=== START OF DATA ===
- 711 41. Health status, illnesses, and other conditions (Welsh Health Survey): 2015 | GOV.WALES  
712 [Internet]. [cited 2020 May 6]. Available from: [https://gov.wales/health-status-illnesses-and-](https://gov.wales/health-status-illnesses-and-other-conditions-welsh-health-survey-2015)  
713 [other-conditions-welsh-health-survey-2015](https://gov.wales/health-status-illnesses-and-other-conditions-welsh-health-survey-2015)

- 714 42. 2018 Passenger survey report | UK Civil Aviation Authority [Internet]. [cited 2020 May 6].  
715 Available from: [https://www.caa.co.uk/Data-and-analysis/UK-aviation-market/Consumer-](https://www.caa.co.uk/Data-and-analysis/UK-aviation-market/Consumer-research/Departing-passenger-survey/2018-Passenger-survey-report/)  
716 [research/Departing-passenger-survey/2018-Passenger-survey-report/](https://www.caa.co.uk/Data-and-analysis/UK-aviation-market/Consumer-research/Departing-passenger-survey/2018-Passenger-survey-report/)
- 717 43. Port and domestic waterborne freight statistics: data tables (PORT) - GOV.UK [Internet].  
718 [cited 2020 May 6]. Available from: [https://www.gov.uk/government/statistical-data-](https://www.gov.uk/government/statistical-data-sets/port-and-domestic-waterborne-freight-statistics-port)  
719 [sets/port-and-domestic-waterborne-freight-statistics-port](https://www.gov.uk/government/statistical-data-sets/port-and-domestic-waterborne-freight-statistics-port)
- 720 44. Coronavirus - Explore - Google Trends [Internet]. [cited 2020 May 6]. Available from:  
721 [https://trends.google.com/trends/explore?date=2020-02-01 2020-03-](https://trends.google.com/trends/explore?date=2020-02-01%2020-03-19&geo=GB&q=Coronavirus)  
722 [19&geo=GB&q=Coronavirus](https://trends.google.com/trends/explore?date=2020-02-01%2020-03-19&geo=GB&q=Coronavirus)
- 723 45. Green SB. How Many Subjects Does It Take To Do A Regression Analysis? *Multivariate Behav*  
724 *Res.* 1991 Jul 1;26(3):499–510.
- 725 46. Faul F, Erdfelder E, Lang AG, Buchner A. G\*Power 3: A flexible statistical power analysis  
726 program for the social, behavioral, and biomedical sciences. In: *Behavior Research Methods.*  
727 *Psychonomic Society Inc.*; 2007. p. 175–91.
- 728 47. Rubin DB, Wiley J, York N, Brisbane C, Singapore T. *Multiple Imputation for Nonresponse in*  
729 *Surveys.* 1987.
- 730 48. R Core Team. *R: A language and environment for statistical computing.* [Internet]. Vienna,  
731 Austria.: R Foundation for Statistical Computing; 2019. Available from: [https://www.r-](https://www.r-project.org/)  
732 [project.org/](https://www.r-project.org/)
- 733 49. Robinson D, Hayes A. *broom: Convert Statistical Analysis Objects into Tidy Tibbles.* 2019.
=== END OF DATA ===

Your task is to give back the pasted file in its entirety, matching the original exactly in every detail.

- 711 41. Health status, illnesses, and other conditions (Welsh Health Survey): 2015 | GOV.WALES  
712 [Internet]. [cited 2020 May 6]. Available from: [https://gov.wales/health-status-illnesses-and-](https://gov.wales/health-status-illnesses-and-other-conditions-welsh-health-survey-2015)  
713 [other-conditions-welsh-health-survey-2015](https://gov.wales/health-status-illnesses-and-other-conditions-welsh-health-survey-2015)

- 714 42. 2018 Passenger survey report | UK Civil Aviation Authority [Internet]. [cited 2020 May 6].  
715 Available from: [https://www.caa.co.uk/Data-and-analysis/UK-aviation-market/Consumer-](https://www.caa.co.uk/Data-and-analysis/UK-aviation-market/Consumer-research/Departing-passenger-survey/2018-Passenger-survey-report/)  
716 [research/Departing-passenger-survey/2018-Passenger-survey-report/](https://www.caa.co.uk/Data-and-analysis/UK-aviation-market/Consumer-research/Departing-passenger-survey/2018-Passenger-survey-report/)
- 717 43. Port and domestic waterborne freight statistics: data tables (PORT) - GOV.UK [Internet].  
718 [cited 2020 May 6]. Available from: [https://www.gov.uk/government/statistical-data-](https://www.gov.uk/government/statistical-data-sets/port-and-domestic-waterborne-freight-statistics-port)  
719 [sets/port-and-domestic-waterborne-freight-statistics-port](https://www.gov.uk/government/statistical-data-sets/port-and-domestic-waterborne-freight-statistics-port)
- 720 44. Coronavirus - Explore - Google Trends [Internet]. [cited 2020 May 6]. Available from:  
721 [https://trends.google.com/trends/explore?date=2020-02-01 2020-03-](https://trends.google.com/trends/explore?date=2020-02-01%2020-03-19&geo=GB&q=Coronavirus)  
722 [19&geo=GB&q=Coronavirus](https://trends.google.com/trends/explore?date=2020-02-01%2020-03-19&geo=GB&q=Coronavirus)
- 723 45. Green SB. How Many Subjects Does It Take To Do A Regression Analysis? *Multivariate Behav*  
724 *Res.* 1991 Jul 1;26(3):499–510.
- 725 46. Faul F, Erdfelder E, Lang AG, Buchner A. G\*Power 3: A flexible statistical power analysis  
726 program for the social, behavioral, and biomedical sciences. In: *Behavior Research Methods.*  
727 *Psychonomic Society Inc.*; 2007. p. 175–91.
- 728 47. Rubin DB, Wiley J, York N, Brisbane C, Singapore T. *Multiple Imputation for Nonresponse in*  
729 *Surveys.* 1987.
- 730 48. R Core Team. *R: A language and environment for statistical computing.* [Internet]. Vienna,  
731 Austria.: R Foundation for Statistical Computing; 2019. Available from: [https://www.r-](https://www.r-project.org/)  
732 [project.org/](https://www.r-project.org/)
- 733 49. Robinson D, Hayes A. *broom: Convert Statistical Analysis Objects into Tidy Tibbles.* 2019.